Two Guys, One Dollar, Infinite Hope
December 1, 2010
by Kelsey Brown
How many people in the world do you think live on less than $2.50 a day? The answer: Almost half of the world. This figure seems even more staggering when compared with the typical CMCer's daily tab. We spend about $15.21 every time we swipe our card at Collins.
Zach Ingrasci and Chris Temple '12 noticed something a bit funny about this difference. These zealous CMC students lunged at this issue with all the economic knowledge they could muster. Their solution? Microfinance, the provision of financial services to people facing poverty, especially in third world countries. Okay, Zach and Chris didn’t invent microfinance themselves, but they did put this revolutionary idea into practice in a unique, inspiring way.
Along with two other college students, Chris and Zach spent eight weeks this summer living on less than a dollar a day in a rural Guatemalan village with the objective of understanding what it means to subsist on such a meager sum. With camera in hand, the four boys started their project, Living On One Dollar-A-Day. CMCers may have noticed Zach and Chris when they appeared in our Facebook inboxes during the summer to update us about their experiences via video blogs.
In a tropical village on the other side of the equator, Zach ("Sr. Campesino") and Chris ("Sr. Microfinanzas") developed relationships with the local people and carefully observed the way they made ends meet on less than a dollar each day. The first realization that struck Zach and Chris was that “living on a dollar a day” does not mean you can expect to get one whole dollar every day. For Guatemalans, there is not a guarantee that each day will present a work opportunity and the pay that comes with the chance to labor. The boys simulated the unpredictability of income by drawing a piece of paper from a hat each morning. Each paper slip noted the amount of money the guys would receive that day.
By living frugally and unpredictably, they learned how crucial (yet difficult) budgeting such a small amount of money is. Everything had to be planned for and the guys kept a ridiculously detailed daily budget. The question at the forefront of their study quickly became clear. After short-term expenses for food, medicine, clothes, and emergencies, how can an individual save enough money for long-term opportunities like schooling or new business pursuits?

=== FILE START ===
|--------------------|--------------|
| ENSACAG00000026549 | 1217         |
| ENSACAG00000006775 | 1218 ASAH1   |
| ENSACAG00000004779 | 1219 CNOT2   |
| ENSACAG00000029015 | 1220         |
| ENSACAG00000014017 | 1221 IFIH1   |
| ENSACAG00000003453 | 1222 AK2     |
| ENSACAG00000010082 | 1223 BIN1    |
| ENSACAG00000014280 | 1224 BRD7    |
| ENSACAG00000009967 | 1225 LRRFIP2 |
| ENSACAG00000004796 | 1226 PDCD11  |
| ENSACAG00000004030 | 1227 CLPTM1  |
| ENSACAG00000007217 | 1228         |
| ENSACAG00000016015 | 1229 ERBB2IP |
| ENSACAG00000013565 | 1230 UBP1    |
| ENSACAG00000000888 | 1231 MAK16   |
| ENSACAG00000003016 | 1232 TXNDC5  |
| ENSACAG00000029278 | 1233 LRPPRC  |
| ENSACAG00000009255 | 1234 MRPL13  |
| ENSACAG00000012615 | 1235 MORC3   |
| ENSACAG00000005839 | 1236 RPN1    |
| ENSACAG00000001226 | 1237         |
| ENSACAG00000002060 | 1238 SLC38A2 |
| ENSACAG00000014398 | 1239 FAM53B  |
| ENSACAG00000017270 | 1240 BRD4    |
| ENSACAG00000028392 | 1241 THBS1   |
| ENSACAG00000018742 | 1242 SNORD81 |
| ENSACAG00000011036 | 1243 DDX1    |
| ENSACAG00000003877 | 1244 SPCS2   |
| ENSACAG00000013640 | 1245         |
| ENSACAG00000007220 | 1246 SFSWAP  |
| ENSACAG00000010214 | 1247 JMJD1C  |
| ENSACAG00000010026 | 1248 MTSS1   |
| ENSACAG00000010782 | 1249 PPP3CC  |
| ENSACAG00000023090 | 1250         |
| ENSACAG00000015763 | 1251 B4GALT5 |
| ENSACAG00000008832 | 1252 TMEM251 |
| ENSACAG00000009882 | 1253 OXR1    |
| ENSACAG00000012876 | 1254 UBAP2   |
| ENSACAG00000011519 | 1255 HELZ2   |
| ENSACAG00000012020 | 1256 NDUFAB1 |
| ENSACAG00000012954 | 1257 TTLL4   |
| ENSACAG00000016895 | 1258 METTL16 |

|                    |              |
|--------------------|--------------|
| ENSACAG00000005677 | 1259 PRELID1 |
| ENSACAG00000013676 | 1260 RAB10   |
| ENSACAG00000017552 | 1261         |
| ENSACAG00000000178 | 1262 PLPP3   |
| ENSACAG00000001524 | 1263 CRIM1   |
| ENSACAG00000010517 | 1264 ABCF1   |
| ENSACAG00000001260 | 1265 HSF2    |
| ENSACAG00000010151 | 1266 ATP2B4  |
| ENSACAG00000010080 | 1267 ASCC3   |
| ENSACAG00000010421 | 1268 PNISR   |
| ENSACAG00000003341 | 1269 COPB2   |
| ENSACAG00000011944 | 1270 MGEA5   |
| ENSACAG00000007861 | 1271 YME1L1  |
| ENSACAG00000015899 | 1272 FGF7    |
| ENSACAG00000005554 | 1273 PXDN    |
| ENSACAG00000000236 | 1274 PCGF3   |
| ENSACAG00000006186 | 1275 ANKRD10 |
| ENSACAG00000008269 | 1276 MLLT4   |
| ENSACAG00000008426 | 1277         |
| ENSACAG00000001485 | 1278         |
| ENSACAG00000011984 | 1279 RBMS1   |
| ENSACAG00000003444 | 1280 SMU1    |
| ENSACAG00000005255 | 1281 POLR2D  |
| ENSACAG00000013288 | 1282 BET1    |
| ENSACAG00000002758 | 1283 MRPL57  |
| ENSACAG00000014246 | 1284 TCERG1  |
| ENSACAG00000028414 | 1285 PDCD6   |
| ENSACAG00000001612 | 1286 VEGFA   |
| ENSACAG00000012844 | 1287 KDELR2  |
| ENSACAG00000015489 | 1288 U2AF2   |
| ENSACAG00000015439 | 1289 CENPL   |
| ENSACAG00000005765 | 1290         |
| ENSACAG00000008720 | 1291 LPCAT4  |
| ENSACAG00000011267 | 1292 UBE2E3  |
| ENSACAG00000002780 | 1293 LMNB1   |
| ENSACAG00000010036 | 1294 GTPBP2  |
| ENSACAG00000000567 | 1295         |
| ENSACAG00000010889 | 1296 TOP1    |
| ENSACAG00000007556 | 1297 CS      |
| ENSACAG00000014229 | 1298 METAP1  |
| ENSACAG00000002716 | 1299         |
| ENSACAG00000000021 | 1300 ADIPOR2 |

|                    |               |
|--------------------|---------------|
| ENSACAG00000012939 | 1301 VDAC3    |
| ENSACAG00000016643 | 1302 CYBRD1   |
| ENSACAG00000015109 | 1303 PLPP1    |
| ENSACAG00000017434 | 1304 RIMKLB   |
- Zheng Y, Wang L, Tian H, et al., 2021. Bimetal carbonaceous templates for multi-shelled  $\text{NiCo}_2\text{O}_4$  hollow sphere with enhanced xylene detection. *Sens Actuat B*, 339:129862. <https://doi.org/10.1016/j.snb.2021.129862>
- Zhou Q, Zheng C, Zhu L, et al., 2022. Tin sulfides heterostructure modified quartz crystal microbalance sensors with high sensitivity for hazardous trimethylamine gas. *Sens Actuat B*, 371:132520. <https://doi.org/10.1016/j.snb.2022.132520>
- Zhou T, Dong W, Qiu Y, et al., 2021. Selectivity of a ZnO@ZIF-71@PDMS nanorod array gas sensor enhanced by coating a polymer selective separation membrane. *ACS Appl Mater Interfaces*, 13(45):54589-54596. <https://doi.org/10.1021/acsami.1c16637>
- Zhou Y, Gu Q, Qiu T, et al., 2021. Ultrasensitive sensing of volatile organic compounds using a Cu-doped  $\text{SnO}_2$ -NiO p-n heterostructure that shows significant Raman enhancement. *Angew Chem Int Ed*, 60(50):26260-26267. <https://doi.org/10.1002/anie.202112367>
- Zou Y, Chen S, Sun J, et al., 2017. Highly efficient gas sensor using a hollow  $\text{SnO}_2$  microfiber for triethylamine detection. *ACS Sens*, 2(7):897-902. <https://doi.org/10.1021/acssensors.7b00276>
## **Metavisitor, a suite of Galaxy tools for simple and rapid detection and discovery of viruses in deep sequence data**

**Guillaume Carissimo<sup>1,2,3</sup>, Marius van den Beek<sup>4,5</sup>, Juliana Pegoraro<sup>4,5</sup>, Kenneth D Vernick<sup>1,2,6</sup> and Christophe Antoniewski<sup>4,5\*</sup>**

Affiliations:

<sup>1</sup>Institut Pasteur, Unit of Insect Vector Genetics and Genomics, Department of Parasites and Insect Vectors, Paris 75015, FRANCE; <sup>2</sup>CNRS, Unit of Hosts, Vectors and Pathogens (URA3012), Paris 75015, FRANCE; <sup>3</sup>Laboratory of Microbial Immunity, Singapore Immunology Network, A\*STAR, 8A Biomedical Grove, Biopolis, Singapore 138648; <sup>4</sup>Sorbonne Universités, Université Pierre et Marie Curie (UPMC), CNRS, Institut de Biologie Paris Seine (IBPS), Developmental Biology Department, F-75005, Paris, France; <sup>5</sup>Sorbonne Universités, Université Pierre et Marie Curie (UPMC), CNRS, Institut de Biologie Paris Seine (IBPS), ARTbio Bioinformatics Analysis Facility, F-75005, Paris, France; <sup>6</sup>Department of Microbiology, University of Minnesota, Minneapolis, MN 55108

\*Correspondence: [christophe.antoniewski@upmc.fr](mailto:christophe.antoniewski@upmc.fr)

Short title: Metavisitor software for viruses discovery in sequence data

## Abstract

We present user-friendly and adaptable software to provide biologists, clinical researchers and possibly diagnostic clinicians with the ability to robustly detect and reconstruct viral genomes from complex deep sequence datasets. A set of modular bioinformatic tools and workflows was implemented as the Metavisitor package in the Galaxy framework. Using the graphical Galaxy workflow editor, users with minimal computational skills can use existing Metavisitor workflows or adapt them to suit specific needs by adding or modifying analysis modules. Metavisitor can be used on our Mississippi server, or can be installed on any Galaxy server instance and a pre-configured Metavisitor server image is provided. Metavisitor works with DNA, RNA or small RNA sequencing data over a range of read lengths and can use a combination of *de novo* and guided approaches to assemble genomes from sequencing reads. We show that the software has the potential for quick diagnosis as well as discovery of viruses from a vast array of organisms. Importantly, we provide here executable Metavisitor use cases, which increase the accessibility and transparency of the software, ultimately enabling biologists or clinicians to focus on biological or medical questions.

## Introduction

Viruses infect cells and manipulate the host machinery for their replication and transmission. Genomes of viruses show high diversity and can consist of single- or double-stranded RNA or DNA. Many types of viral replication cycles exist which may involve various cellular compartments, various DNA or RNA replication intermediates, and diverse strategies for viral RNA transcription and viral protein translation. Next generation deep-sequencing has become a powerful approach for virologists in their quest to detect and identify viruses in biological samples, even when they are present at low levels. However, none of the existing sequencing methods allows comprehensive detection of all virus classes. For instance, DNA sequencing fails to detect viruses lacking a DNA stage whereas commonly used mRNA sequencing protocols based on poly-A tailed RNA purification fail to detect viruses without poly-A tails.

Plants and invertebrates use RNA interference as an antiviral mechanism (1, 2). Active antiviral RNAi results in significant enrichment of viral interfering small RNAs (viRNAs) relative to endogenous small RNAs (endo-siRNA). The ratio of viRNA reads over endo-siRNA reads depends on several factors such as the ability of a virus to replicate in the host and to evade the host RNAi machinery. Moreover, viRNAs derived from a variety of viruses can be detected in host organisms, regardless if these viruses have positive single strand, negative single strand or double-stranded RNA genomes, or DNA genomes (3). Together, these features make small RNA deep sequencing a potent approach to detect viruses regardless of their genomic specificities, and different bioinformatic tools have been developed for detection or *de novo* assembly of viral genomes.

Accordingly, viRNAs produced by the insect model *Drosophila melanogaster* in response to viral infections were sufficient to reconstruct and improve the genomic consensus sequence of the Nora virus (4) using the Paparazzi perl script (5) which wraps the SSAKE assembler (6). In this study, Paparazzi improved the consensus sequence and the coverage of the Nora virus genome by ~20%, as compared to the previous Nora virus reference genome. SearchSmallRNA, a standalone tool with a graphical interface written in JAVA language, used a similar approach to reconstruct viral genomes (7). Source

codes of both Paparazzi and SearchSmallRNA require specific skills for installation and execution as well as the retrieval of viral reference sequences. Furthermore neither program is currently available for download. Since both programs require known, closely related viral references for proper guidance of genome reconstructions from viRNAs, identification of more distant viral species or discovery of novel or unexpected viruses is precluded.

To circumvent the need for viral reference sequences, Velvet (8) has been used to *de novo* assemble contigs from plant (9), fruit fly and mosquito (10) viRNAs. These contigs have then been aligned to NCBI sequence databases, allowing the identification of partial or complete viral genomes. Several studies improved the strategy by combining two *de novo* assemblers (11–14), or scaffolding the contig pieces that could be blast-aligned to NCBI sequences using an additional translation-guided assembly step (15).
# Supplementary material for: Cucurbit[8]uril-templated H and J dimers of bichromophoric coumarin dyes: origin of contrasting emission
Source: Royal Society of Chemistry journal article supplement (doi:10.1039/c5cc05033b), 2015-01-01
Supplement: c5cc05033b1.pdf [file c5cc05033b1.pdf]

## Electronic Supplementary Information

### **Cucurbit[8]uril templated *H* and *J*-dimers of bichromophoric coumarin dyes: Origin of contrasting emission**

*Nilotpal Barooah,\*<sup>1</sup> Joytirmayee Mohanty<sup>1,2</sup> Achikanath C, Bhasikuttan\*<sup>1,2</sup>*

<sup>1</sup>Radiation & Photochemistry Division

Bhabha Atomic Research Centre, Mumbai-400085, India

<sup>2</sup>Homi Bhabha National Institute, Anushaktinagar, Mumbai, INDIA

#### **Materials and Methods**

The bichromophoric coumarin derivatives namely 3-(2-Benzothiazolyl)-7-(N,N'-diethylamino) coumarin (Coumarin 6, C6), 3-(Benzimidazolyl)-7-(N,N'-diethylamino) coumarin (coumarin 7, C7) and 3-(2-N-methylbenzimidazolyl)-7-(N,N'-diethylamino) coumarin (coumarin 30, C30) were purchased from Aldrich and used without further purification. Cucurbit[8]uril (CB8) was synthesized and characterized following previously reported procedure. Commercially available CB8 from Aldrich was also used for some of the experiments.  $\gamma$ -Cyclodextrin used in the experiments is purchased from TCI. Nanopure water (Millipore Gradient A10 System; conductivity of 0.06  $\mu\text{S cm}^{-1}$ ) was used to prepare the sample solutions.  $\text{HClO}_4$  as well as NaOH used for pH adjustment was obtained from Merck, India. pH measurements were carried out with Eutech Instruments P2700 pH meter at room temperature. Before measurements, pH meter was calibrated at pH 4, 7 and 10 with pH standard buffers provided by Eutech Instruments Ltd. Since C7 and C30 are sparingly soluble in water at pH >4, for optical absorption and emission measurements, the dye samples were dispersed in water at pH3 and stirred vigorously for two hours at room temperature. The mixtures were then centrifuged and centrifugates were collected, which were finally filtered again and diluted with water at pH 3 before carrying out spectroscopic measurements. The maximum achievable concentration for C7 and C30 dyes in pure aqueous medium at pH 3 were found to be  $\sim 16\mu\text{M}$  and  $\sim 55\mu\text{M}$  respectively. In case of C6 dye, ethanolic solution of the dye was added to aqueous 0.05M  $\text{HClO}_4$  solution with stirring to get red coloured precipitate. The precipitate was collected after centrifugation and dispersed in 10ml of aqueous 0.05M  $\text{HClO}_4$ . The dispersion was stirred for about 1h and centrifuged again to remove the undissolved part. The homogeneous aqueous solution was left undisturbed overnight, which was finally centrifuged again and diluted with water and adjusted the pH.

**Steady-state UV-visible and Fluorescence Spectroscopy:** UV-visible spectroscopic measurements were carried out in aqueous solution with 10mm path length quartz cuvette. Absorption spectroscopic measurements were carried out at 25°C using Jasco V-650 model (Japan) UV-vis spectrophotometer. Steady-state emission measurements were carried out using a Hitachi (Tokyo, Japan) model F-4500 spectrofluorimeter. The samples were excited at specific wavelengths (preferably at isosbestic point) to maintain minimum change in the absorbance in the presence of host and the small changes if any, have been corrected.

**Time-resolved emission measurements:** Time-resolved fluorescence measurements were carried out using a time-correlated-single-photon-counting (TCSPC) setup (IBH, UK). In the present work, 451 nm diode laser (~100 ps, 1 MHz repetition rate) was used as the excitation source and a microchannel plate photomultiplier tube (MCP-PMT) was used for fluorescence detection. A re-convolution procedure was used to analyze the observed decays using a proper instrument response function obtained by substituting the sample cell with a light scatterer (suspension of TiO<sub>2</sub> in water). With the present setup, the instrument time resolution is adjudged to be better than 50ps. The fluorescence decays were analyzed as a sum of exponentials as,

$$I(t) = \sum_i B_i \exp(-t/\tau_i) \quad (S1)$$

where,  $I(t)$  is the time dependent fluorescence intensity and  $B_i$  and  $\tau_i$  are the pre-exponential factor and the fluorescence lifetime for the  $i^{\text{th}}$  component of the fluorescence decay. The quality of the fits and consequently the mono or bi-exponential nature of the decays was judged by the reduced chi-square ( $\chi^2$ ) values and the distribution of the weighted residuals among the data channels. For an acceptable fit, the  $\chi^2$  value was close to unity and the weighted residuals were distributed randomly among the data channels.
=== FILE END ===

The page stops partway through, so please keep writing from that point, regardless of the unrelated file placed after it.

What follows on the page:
Each day brought a new adventure and a new lesson. Zach and Chris learned the importance of planning for the future and relying on one's community. The guys also realized the profound difference between their own lives in the United States and the lives of the Guatemalan village people with whom they interacted. Zach notes in the guys' seventh video that although there are many parallels between the two lifestyles, it's the things we take for granted that are the things these people depend on to survive every day.
Zach was particularly moved by the grave disparity between his experiences and those of two Guatemalan men working in construction. “I work eight hours a day and they work eight hours a day," Zach explained, " But when I go home, I eat a full meal and have a great bed to sleep in. When they go home, they get rice and tortillas. For someone to live on a diet of that, or less, and to be able to work how I work at home, or more – that just made a huge impact on me.”
Zach and Chris remain hopeful for the futures of their friends in Guatemala. A common theme throughout all of their videos is the resilience of character within the community's individuals. Microfinance has empowered the village people to start businesses and send their children to school. Most importantly, these people have hope for a better future without the hardships of poverty. Zach and Chris witnessed how microfinance transformed the spirit of a community and walked away from the experience with valuable insights.
“We have to first understand the reality of living on one dollar a day before we can hope to find ways to help those who are stuck in its grasp,” the guys realized from the start. After their experiences in Guatemala, the agenda is to spread the word. “The purpose of our documentary was to generate awareness about the bottom billion people living on one dollar a day and show our peers tangible ways to combat extreme poverty. We hope that by showing and explaining this level of poverty in our own words and experiences, more people from the western world will be able to connect to and understand the problem.”
Both guys have continued their adventures abroad this semester. Zach has spent his fall semester in Ecuador studying and working for Freedom from Hunger, a microfinance organization that provides health education. Chris is exploring Spain and has “gained back the 20 pounds" that he lost in Guatemala, and "fought off any lingering e-coli, giardia, and flea infestations.” Between adventures, both guys are helping the filmmakers transcribe interviews for the final documentary and working on creating more awareness for their video blog.
On November 12th, the first post of their video blog series was featured on YouTube's global homepage. Within four days, the video received 417, 625 hits. They will soon be featured in an online article by YES Magazine and a Connecticut-based television station will broadcast their video blogs. These two CMCers have come a long way since the fateful Monday evening last spring when they stood before our Student Senate to request funding for the only expense of their trip – the camera needed to shoot the documentary.
If you have a few spare minutes, dedicate it to watching Chris and Zach’s videos. Fortunately their video blog is just a sample of their documentary, which will premier at the Athenaeum this spring in partnership with the Claremont International Relations Society.
All photo credit goes to Sean Leonard and Ryan Christoffersen.